In his observations on the present condition of Catholicism, Fr Michael Mason, Redemptorist and sociologist, concentrates upon what is perhaps the most serious of the many fundamental problems facing the Catholic Church in this country. The strategies preferred by AD2000 are not necessarily those which he might propose - the short report of his address in the press does not enter into the question of possible solutions.
More important than solutions because it is prior to them, is recognition and acceptance of the facts: since in the last analysis solutions, insofar as they can be of human origin, must rest on facts.
Stating that approximately one million practising Catholics were "lost" to the Church in the fifteen years between 1966 and 1981; justifying this statement by a recital of some of the characteristic, saddening, statistics - which when produced by others are dismissed as "negative" and "pessimistic" - Fr Mason probes the heart of the problem in three or four short paragraphs:
"Projections for several large dioceses show that by the mid-90s the number of active diocesan clergy in parishes will be a third to a half fewer than in 1976."
Fr Mason said the resulting decline in priestly pastoral care was likely to cause further disaffection, especially among traditional Catholics in working class areas who did not take to a small-group style of Church.
"Most Australian practising Catholics are still of that traditional type, so a study done by the National Catholic Research Council in 1986 shows.
"It will probably be easier for educated middle-class types who belong to some supportive small community to remain active ...
"Without a theologically trained and ordained leadership, it must be expected that such communities would adopt a more Protestant style, with the Eucharist and other sacraments less central to their lives, a greater emphasis on the Word, less awareness of doctrinal and theological traditions, and less tolerance of authority."
To average Catholics, a majority of whom may still comprise "traditional Catholics in working class areas" - but, emphatically, not confined to this social group - the problem lies not so much in the fact that the new church possesses "a more Protestant style" but in the fact that the substance appears to have become increasingly Protestant as well.
This development is exemplified not merely in the field of the liturgy, where the arrogant and brutal destruction of the 'old' Mass has been followed by a limp and occasionally desacralised successor. The sense of 'mystery' has been replaced by chattering friendliness on the part of the congregation within the precincts of the Church, which rarely displays any of the traditional Catholic reverence for the Blessed Eucharist, raising the question of how much real belief in the Real Presence remains.
It is also to be found in the field of doctrine in which the obvious denial of the truth of the Resurrection (as the Church has always understood that central event of its own history) is only one of the many apparently permitted doctrinal deviations. Others include the Divinity of Christ, Christ's self-knowledge, the Virginity of Our Lady - the list is not exhaustive.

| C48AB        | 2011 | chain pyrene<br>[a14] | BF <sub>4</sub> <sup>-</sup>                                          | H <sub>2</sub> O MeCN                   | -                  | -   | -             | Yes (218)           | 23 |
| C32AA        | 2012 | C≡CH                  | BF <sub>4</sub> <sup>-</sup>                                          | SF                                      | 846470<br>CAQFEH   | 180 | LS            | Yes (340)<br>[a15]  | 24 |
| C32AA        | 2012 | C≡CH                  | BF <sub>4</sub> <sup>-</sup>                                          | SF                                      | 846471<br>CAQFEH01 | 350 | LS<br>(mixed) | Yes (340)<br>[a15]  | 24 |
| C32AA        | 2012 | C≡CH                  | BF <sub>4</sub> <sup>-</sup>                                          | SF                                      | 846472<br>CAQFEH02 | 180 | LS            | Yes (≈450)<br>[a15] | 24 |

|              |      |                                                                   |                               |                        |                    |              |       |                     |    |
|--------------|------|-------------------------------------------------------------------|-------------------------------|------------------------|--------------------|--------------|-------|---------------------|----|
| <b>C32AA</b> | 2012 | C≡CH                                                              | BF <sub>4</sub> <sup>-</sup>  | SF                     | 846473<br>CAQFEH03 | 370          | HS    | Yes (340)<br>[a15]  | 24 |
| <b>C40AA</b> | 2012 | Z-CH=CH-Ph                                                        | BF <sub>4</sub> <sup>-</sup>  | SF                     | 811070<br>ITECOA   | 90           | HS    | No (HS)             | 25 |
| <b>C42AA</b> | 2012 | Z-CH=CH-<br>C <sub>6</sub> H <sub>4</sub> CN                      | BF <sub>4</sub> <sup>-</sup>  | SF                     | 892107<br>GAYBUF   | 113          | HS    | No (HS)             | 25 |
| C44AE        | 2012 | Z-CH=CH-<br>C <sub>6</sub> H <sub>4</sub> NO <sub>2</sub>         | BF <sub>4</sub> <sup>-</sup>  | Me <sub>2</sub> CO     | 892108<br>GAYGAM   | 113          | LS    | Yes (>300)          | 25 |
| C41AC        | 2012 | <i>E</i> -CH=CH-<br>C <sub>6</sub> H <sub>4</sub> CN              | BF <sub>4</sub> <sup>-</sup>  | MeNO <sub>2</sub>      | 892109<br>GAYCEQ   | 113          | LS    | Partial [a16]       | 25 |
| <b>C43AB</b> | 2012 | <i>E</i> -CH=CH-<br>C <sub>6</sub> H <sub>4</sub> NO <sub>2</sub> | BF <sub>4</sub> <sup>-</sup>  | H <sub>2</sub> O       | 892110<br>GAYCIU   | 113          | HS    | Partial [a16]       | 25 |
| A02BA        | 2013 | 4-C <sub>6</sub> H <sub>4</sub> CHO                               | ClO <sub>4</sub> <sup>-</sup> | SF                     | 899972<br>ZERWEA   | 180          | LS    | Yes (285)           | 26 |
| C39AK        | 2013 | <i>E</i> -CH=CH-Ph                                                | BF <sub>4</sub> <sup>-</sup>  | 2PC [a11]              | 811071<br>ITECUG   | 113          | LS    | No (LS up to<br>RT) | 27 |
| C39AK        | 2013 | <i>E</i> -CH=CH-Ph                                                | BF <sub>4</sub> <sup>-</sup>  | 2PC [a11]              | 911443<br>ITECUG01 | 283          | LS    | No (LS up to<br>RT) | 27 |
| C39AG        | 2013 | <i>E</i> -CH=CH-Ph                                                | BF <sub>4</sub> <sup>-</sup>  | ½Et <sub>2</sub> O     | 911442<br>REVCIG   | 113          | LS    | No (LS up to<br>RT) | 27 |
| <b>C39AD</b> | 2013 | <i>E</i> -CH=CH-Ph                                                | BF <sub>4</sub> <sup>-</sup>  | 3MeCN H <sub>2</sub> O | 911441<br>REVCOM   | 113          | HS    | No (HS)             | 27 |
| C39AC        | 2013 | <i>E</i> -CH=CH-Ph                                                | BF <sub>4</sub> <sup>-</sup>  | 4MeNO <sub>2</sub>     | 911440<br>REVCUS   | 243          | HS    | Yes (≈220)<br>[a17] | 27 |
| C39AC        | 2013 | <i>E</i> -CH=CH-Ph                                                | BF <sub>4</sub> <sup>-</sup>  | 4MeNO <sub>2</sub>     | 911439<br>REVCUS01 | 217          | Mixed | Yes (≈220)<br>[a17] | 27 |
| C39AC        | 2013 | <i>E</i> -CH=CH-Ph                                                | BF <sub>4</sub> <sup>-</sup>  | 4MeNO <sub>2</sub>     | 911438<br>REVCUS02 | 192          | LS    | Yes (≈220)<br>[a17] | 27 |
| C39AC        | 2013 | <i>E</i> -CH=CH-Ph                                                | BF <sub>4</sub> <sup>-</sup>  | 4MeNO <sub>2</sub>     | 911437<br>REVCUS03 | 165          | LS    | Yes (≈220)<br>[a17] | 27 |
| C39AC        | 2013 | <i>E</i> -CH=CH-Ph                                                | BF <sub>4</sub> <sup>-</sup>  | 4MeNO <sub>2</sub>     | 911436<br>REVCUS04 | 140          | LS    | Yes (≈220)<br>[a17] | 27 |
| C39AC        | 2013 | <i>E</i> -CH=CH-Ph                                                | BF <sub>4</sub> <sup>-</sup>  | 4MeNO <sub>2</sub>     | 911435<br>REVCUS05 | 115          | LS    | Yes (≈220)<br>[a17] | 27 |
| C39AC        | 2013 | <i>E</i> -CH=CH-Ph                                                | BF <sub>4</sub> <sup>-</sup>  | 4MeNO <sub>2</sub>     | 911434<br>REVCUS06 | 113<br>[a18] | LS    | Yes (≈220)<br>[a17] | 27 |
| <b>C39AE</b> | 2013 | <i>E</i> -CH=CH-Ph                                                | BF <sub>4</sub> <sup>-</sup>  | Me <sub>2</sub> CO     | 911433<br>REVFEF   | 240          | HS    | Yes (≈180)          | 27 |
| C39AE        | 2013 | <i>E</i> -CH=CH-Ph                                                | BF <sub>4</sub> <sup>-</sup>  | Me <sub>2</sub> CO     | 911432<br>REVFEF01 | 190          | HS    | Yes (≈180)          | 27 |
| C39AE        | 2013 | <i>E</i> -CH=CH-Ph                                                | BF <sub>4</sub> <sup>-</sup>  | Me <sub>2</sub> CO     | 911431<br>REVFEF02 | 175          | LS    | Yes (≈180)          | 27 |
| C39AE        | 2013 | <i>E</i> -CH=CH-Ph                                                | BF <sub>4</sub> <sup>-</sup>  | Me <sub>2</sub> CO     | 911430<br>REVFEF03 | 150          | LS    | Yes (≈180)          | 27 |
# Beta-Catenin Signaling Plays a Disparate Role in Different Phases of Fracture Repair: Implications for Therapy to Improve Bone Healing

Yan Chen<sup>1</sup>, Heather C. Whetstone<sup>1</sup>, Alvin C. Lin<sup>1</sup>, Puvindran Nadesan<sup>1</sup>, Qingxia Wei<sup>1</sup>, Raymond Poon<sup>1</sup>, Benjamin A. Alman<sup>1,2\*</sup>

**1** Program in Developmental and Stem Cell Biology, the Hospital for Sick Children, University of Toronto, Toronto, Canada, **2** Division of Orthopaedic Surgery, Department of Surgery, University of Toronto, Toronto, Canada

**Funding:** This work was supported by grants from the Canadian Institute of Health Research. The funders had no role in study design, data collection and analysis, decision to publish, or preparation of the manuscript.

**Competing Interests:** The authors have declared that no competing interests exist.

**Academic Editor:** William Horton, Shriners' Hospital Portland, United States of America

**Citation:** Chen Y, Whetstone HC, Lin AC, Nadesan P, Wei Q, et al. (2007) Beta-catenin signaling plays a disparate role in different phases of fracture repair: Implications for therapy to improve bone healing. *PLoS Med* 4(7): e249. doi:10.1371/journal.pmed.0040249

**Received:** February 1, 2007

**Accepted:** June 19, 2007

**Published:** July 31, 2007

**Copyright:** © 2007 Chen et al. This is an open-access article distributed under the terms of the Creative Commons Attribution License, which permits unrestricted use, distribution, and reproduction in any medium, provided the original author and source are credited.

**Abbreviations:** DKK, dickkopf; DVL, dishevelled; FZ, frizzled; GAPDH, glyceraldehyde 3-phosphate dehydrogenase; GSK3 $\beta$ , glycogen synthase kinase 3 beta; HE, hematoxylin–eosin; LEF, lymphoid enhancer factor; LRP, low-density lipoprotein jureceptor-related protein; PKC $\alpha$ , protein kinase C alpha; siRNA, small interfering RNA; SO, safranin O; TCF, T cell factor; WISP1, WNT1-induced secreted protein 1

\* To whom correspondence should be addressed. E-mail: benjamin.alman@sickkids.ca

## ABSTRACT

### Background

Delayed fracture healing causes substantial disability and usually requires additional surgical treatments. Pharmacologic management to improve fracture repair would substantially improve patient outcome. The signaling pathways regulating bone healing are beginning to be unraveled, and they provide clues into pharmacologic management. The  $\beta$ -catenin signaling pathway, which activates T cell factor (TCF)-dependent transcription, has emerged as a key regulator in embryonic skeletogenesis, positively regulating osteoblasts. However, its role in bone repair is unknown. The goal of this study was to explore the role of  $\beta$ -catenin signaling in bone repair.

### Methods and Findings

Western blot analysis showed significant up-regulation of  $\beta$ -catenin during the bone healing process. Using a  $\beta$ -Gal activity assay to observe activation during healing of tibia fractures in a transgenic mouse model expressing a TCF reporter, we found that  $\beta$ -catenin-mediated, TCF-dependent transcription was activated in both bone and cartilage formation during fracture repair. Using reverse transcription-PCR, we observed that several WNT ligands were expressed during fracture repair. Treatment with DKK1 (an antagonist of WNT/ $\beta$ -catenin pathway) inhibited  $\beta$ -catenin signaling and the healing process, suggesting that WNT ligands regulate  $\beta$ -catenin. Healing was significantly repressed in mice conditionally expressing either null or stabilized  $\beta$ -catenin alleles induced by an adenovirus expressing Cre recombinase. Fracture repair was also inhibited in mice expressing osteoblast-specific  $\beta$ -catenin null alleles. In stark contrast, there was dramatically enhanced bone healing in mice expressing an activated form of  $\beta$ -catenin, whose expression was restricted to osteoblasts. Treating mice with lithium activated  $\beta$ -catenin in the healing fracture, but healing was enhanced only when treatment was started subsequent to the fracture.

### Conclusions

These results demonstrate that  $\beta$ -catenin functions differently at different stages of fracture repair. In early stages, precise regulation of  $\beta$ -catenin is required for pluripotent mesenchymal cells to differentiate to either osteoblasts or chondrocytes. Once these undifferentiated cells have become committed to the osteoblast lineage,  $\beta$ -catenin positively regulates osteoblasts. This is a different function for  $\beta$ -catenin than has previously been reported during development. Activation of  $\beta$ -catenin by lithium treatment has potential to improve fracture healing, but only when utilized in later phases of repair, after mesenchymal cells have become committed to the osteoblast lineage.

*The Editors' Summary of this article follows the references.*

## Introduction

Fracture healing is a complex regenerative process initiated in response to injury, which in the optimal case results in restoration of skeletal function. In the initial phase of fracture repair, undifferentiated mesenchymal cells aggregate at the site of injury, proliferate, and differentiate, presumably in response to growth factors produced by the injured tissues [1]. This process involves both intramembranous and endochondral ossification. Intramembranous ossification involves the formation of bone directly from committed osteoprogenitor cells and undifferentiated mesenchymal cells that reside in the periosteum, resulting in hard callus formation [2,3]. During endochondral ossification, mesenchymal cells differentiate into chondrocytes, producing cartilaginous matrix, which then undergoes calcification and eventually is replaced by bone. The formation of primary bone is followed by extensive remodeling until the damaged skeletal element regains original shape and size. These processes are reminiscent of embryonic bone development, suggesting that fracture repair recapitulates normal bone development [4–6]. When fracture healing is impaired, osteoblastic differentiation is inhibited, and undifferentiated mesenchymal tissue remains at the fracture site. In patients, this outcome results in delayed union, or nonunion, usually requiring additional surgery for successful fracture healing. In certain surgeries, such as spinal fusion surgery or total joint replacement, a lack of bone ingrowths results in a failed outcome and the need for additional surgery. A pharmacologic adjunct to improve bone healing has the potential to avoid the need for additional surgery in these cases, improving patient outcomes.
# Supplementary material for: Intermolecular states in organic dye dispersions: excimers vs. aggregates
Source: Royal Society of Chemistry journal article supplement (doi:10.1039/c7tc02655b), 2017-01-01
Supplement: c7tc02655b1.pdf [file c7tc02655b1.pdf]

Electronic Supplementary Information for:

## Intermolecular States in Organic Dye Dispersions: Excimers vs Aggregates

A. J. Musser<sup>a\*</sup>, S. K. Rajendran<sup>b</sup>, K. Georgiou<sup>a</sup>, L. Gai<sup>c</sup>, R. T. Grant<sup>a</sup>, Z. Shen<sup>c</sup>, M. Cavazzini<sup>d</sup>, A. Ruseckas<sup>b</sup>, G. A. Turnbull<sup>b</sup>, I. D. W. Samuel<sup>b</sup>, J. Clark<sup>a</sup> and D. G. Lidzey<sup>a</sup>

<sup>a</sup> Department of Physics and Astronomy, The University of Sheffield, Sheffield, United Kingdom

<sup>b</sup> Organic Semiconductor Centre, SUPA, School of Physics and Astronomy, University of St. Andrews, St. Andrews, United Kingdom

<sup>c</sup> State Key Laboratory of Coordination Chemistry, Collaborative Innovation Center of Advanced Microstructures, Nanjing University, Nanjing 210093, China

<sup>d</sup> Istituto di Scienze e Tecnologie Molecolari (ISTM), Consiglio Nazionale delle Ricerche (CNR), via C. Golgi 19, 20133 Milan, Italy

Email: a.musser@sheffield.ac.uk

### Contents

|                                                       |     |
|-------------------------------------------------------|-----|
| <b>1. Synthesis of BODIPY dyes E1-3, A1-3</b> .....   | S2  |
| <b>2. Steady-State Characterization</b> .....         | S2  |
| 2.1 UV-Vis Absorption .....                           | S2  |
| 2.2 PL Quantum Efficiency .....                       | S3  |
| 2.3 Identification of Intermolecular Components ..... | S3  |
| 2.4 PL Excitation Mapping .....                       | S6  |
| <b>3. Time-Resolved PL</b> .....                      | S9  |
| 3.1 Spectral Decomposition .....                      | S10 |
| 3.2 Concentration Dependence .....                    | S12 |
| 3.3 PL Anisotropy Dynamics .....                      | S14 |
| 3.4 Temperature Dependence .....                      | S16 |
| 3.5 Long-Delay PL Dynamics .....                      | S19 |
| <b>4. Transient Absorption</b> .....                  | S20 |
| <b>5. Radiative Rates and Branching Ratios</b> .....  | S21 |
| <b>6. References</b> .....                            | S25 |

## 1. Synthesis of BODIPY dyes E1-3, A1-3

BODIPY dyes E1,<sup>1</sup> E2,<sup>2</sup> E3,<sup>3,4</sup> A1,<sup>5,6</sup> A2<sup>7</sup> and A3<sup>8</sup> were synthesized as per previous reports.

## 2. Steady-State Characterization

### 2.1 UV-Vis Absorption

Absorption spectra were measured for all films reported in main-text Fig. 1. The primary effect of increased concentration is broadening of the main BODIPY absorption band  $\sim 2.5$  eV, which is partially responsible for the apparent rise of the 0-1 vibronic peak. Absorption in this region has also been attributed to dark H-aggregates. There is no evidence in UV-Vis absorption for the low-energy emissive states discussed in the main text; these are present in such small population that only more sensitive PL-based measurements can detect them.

It is to be found in the field of moral teaching as the eminent English writer, Paul Johnson, when still an ex-Catholic, observed in 1967, when the majority of the Papal Commission on Human Reproduction recommended that contraception be admissible.
"To my mind," wrote Johnson, "it goes very much further (than contraception) and says that it's not the Church's business to lay down detailed guides for living the Christian life, but merely to state general moral principles and leave the rest to the individual's conscience. This was precisely the central issue of the Reformation. The Roman Catholic Church has finally turned Protestant."
It is to be found in the field of Catholic education in which not a few Catholic parents have Judged - rightly or wrongly is not the question - that it makes little or no difference, as far as religious teaching is concerned, whether they send their children to Catholic or Protestant schools.
The final result of the "protestantising" of the Catholic Church, referred to by Fr Mason, is that many, with increasing seriousness, ask the question: "Is this really the Catholic Church to which we have pledged our conviction and our resultant loyalty? Or has it become something else, in the course of an evolution which even so great a Pope as John Paul II, is incapable of reversing?" That is essentially the Lefebvre position, and it is mere folly to sweep it aside as if it did not matter.
Even apart from the fact that that question inevitably arises in the minds of many, there is also an obvious pragmatic judgement on this "protestantising" development. The Catholic Church may have "lost" one million regular Catholics in fifteen years, to use Fr Mason's graphic words. There are still another million left. For the Protestant denominations, however, as the last Census figures prove, the same fifteen years have registered an absolute disaster. That way there is no salvation whatsoever.
The disintegration of contemporary Anglicanism - which began with a repudiation of Papal authority and has ended with a repudiation of episcopal authority ought to stand as a sufficient warning.